PARIS — The investigation into solar-array damage on theIS-19 telecommunications satellite has cleared the Sea Launch vehicle from responsibility and is focusing on the -built spacecraft, industry officials said.
The unusually long investigation — the satellite was launched in May and had trouble deploying one of its two solar arrays upon separation from the rocket — has led to concerns in the industry that the inquiry would end the same way as a 2004 investigation into a similar anomaly, when another Space Systems/Loral (SS/L) satellite separated from a Sea Launch rocket with major damage.
That investigation issued conclusions that assigned clear blame to nothing in particular. Sea Launch and SS/L continued their operations and between 2004 and 2012 seven SS/L satellites were launched without a problem.
This time around, both Sea Launch and SS/L said they were determined to push the failure investigation as far as possible to determine what happened. The two companies divided the cost of an independent review board headed by Jack R. Wormington, formerly of the Aerospace Corp. of El Segundo, Calif., a federally funded research and development center for the U.S. Air Force.
Industry officials said the Wormington board has been asked to produce a final report by Nov. 30. They said the board has turned up little that would implicate the Sea Launch vehicle and that in recent weeks it has turned its attention to the SS/L satellite solar array design.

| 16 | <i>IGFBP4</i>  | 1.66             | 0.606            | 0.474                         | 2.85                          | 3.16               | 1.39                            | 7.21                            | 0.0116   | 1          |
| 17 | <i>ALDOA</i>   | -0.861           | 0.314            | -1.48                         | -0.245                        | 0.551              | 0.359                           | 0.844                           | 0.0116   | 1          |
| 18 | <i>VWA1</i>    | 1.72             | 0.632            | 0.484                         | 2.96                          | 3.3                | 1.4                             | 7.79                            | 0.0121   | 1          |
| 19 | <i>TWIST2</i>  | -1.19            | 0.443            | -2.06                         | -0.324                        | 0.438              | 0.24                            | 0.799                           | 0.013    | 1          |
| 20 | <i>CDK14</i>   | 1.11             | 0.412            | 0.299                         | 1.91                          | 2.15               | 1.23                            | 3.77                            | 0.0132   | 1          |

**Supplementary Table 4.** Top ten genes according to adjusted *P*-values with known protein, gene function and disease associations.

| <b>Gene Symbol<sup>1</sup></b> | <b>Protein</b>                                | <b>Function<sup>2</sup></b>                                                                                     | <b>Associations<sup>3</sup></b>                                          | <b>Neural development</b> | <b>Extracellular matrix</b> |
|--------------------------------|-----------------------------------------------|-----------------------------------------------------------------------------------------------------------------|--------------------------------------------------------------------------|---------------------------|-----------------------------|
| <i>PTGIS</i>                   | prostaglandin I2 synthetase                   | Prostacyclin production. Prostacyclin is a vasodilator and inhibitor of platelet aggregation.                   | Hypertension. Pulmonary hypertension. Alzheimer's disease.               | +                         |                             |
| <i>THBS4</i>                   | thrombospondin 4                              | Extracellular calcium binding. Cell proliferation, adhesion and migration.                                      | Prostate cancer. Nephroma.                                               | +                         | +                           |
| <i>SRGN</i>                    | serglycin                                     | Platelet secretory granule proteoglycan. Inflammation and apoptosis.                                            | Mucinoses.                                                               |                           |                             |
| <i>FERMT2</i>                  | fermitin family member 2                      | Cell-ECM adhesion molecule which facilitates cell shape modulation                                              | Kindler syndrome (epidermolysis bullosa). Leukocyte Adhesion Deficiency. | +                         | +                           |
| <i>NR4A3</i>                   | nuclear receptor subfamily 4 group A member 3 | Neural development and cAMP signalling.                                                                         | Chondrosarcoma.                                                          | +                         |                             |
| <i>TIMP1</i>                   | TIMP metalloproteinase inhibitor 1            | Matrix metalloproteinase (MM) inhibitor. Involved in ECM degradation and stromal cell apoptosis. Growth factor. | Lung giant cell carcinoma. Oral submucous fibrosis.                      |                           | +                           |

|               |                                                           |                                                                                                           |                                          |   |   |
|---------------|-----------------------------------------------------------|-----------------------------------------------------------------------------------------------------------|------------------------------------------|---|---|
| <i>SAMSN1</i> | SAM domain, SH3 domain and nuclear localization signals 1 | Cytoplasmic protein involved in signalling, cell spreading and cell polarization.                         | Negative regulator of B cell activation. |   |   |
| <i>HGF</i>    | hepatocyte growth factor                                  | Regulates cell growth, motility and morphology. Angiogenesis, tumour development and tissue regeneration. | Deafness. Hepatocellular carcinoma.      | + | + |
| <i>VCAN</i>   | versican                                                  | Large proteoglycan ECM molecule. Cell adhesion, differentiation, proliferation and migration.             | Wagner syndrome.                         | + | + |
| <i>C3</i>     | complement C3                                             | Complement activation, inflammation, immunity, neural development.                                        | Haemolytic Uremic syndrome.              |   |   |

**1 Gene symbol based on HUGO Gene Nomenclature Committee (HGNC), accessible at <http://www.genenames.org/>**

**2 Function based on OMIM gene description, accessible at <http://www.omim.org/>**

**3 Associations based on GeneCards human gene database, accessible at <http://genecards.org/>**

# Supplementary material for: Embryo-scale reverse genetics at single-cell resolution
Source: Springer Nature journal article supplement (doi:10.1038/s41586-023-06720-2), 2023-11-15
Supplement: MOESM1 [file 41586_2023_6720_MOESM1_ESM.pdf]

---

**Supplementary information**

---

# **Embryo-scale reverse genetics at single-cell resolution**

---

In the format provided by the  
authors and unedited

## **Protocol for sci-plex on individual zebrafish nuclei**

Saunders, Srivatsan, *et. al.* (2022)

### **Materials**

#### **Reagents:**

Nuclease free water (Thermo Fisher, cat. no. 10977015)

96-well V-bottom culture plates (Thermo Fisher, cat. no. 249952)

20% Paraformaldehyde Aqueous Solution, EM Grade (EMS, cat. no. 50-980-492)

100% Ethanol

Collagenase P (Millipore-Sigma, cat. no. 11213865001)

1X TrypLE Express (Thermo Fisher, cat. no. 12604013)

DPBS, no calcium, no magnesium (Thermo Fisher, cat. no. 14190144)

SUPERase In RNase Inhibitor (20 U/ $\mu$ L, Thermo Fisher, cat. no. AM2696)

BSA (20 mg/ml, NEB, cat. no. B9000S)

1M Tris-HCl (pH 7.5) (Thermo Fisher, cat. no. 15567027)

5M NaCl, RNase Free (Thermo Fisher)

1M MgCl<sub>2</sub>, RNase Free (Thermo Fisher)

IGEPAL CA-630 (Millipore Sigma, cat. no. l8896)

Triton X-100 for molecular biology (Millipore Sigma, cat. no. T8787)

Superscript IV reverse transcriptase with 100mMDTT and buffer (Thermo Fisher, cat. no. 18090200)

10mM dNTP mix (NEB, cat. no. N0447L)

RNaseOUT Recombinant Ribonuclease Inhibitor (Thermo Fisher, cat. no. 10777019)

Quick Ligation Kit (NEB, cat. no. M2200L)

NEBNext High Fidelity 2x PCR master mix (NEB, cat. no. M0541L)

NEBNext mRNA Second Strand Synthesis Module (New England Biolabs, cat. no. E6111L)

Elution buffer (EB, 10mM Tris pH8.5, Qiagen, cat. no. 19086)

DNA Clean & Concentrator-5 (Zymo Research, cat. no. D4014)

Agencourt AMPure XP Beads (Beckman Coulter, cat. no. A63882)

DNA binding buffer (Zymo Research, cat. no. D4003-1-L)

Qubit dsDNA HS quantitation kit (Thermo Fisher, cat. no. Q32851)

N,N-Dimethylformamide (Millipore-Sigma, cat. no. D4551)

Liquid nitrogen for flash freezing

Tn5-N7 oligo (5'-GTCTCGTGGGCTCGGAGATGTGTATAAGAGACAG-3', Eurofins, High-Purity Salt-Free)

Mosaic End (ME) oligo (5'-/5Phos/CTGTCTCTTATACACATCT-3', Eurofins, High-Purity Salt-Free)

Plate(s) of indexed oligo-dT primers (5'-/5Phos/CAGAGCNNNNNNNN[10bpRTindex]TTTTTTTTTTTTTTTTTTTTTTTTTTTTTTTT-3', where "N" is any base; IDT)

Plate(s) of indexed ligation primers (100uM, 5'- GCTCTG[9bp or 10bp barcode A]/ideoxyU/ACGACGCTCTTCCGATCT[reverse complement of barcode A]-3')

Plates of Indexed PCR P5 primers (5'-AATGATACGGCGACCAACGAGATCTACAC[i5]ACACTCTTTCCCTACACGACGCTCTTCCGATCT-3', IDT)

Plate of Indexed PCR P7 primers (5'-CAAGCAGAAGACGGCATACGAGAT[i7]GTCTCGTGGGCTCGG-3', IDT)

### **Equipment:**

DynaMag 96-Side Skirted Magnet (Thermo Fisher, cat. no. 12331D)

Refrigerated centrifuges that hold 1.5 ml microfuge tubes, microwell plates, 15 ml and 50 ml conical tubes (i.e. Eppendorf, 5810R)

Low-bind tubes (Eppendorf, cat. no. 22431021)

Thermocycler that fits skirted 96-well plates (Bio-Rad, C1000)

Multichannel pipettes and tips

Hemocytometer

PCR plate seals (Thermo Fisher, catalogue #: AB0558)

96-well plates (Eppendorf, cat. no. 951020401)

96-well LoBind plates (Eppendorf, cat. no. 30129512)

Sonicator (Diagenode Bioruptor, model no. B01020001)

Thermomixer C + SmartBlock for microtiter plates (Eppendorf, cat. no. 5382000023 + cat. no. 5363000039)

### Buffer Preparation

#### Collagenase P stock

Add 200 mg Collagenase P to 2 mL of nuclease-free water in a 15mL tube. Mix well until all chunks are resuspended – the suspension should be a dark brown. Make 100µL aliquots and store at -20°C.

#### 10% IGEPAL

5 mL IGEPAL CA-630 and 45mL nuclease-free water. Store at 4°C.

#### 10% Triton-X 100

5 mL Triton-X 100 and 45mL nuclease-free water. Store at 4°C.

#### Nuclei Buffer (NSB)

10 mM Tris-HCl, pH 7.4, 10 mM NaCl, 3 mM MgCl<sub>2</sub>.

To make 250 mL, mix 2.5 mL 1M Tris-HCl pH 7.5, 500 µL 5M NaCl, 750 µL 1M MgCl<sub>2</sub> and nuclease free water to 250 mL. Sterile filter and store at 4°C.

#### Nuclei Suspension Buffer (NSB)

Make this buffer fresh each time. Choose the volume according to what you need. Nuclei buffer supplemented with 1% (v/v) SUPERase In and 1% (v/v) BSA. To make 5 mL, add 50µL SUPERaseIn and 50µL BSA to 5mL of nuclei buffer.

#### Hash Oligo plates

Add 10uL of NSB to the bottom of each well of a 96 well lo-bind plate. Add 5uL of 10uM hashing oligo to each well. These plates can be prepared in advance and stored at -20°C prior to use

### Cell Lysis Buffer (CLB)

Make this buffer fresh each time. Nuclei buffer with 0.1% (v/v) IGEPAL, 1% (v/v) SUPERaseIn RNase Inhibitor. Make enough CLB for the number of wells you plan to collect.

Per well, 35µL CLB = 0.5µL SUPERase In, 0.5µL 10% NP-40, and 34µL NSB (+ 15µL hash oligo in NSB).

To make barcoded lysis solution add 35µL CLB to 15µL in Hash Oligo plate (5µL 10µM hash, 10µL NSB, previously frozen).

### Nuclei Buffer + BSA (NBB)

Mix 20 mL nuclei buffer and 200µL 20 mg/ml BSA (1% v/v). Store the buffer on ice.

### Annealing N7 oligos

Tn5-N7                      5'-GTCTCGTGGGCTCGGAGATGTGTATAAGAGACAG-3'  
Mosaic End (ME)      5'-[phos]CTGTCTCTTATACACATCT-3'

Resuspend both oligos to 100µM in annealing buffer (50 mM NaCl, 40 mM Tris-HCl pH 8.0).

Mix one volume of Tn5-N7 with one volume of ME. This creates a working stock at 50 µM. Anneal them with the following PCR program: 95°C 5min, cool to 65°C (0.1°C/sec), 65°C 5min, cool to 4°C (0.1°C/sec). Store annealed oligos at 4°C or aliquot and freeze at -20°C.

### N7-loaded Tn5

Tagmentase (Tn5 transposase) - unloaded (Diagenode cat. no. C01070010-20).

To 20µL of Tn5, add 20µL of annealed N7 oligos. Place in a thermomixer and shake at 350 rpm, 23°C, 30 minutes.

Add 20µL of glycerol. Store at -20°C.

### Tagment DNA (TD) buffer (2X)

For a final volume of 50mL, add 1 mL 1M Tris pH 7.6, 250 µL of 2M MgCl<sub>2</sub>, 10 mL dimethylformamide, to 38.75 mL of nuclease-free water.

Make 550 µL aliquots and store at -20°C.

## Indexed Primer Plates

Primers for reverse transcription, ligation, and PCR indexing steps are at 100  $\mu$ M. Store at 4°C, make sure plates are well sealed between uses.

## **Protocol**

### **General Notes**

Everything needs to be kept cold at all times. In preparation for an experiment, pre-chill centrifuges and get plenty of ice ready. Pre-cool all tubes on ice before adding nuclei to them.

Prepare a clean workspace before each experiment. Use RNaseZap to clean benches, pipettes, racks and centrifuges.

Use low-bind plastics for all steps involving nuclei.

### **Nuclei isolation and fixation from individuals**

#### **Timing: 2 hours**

Kjell Karlsen, president of Sea Launch AG, said Sea Launch would await the investigation’s conclusion but noted that the company has conducted a successful launch since the IS-19 flight and is preparing for an early December launch of the70B telecommunications satellite. Eutelsat 70B was built by Astrium Satellites of Europe.
Karlsen nonetheless said Sea Launch is confident that its vehicle “will be fully exonerated” by the investigation.
Meanwhile, satellite fleet operator Intelsat has filed an $84 million claim with its insurers, industry officials said, to compensate the company for the current and projected loss of power from the IS-19 solar array.
The array was eventually deployed but sustained damage that, given the normal power degradation of solar arrays over a satellite’s 15-year life, will gradually erode its revenue-generating capability.
One industry official said the board may conclude that “there is an issue of compatibility between the SS/L satellite and the Sea Launch rocket. In other words, if the satellite had been launched on another vehicle, it would have been OK, and if Sea Launch had launched another satellite, that satellite would have been OK, too.”
SS/L President John Celli, in a Nov. 9 statement, said: “The independent team reviewing the Intelsat-19 solar array anomaly is close to completing its in depth failure analysis. The team has identified two factors that very likely contributed to the anomaly. Both factors can be easily mitigated on completed hardware and entirely eliminated in future builds.”